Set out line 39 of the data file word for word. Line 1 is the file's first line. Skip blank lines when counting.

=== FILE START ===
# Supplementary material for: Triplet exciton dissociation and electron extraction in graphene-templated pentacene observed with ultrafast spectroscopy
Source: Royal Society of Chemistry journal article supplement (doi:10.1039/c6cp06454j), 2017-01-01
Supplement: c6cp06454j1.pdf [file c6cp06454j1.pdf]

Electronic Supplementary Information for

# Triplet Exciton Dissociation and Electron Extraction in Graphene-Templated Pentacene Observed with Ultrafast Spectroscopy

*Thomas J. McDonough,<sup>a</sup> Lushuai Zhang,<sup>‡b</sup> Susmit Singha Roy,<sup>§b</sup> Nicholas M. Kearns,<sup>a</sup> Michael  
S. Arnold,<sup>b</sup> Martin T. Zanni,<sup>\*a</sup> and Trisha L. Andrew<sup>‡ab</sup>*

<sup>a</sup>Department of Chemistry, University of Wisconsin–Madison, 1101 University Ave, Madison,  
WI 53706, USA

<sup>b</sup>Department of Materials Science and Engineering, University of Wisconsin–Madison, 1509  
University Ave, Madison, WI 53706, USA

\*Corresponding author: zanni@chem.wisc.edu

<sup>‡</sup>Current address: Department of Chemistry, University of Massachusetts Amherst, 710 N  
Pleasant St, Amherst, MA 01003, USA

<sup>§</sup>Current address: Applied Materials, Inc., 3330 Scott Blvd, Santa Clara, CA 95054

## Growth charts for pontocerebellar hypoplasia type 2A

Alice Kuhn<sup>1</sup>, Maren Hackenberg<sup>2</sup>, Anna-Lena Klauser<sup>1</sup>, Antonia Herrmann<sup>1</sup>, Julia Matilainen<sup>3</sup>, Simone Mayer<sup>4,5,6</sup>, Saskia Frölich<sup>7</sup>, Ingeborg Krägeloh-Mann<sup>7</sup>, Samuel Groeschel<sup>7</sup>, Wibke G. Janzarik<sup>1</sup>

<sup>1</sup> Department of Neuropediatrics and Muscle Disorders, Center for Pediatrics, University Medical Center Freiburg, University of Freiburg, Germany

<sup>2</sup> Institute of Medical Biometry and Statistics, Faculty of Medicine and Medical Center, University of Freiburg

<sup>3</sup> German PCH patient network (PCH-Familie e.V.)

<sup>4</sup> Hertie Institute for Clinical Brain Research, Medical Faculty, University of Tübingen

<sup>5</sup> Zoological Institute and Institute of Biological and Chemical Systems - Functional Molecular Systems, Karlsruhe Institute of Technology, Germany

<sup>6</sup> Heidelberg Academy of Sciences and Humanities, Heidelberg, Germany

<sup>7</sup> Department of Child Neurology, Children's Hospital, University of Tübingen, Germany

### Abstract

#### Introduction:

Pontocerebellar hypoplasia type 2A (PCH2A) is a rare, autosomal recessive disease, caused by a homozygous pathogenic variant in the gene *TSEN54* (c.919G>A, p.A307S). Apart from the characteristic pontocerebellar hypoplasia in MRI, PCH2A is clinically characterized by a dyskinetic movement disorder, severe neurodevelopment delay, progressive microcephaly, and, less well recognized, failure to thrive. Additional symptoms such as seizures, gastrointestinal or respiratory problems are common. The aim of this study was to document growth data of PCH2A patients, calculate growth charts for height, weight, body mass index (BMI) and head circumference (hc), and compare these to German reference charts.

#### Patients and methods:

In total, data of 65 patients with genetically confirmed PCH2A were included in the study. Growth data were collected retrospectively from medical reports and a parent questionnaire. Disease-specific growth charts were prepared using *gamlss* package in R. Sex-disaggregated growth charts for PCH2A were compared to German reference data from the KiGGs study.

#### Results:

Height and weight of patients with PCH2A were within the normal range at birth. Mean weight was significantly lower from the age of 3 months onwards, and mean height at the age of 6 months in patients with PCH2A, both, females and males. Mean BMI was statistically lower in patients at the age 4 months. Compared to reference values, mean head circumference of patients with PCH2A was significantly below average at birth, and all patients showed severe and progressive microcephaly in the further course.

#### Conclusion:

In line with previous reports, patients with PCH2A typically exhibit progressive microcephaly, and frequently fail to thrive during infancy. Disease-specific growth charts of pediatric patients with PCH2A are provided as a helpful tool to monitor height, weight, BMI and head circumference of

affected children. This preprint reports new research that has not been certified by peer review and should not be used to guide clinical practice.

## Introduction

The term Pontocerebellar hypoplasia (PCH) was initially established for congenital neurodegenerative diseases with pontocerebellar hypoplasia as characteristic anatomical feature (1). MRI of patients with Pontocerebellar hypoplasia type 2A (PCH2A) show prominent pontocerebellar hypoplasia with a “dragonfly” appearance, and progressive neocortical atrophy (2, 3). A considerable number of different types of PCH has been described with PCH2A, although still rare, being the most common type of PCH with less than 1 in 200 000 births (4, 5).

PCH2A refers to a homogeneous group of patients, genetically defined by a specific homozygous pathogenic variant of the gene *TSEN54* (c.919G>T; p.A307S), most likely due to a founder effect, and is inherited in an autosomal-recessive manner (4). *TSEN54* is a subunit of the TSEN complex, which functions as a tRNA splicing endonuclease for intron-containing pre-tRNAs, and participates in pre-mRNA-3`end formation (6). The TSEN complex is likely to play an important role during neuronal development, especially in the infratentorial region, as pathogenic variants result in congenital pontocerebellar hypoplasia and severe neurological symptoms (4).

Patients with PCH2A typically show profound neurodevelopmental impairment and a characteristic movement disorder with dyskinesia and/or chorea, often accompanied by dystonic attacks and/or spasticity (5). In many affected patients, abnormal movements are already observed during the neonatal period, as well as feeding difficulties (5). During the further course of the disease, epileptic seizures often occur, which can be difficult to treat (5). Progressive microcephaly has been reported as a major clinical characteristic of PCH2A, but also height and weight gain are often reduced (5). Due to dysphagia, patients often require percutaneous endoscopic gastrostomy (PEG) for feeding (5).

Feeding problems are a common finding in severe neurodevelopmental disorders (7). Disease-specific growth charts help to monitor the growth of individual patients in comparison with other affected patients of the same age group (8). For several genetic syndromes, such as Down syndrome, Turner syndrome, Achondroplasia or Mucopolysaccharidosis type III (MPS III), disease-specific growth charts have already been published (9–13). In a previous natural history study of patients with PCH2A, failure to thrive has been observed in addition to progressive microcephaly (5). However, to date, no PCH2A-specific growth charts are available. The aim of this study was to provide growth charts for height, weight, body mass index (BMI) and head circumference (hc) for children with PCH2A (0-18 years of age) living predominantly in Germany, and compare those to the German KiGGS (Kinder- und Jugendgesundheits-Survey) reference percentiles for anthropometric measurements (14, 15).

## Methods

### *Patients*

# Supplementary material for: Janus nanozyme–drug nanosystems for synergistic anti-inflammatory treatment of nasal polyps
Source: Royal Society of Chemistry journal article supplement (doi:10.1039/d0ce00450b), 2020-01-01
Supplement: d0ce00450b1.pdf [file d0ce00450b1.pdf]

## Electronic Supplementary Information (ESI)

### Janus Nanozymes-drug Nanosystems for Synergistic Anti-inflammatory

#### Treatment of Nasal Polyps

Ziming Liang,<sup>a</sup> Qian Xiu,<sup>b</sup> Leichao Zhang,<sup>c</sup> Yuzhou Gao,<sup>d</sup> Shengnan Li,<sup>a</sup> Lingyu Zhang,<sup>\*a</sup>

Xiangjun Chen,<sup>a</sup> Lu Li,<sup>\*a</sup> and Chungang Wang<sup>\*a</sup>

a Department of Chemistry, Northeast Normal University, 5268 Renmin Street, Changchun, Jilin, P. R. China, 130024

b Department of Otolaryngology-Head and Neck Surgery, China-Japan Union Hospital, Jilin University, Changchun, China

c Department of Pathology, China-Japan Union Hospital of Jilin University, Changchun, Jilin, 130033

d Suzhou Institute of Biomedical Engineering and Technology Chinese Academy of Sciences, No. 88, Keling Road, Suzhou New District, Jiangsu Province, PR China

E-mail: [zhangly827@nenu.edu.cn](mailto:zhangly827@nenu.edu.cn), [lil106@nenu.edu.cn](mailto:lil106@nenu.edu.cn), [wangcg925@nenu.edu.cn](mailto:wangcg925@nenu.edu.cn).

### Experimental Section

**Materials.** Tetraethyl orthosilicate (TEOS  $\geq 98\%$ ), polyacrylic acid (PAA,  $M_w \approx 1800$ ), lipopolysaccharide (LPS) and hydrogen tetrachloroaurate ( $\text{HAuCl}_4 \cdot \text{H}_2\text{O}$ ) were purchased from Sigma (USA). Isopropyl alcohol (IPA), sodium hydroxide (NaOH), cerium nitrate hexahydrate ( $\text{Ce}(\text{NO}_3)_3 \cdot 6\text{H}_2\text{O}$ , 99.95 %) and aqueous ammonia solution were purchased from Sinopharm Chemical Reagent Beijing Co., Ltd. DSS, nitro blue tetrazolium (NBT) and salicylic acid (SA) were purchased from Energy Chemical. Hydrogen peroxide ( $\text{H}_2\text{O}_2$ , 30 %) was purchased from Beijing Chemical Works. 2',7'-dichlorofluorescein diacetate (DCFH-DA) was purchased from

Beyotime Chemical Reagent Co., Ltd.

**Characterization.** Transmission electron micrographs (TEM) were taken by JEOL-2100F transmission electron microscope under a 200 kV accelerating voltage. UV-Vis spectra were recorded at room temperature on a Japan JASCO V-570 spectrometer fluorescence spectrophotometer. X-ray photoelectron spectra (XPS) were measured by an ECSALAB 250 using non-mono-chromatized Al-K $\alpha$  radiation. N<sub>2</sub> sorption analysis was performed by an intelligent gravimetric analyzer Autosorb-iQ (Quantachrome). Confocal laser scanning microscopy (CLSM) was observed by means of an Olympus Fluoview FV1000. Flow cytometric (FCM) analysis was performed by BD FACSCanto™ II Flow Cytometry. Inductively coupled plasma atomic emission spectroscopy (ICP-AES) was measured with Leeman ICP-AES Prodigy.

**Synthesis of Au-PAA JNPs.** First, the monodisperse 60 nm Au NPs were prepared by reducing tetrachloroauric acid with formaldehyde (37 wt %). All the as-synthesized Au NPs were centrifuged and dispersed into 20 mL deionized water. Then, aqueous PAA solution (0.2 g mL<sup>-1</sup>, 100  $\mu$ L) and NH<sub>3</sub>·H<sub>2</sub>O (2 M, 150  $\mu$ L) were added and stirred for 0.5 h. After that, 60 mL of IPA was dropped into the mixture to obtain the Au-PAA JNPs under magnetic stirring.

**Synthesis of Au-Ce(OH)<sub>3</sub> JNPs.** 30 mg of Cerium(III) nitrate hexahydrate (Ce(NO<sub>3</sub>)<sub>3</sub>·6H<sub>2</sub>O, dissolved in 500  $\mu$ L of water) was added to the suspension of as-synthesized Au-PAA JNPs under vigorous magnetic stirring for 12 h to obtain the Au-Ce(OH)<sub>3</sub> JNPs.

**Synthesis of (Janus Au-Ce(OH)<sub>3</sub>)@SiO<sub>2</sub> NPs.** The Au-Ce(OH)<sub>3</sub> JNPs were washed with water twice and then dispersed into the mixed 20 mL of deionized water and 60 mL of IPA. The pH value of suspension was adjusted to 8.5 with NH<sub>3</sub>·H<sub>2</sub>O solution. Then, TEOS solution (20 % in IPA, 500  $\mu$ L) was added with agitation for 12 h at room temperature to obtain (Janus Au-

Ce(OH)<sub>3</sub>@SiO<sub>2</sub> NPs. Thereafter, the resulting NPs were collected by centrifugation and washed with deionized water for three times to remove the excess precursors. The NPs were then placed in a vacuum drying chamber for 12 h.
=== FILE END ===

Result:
Feeding problems are a common finding in severe neurodevelopmental disorders (7). Disease-specific growth charts help to monitor the growth of individual patients in comparison with other affected patients of the same age group (8). For several genetic syndromes, such as Down syndrome, Turner syndrome, Achondroplasia or Mucopolysaccharidosis type III (MPS III), disease-specific growth charts have already been published (9–13). In a previous natural history study of patients with PCH2A, failure to thrive has been observed in addition to progressive microcephaly (5). However, to date, no PCH2A-specific growth charts are available. The aim of this study was to provide growth charts for height, weight, body mass index (BMI) and head circumference (hc) for children with PCH2A (0-18 years of age) living predominantly in Germany, and compare those to the German KiGGS (Kinder- und Jugendgesundheits-Survey) reference percentiles for anthropometric measurements (14, 15).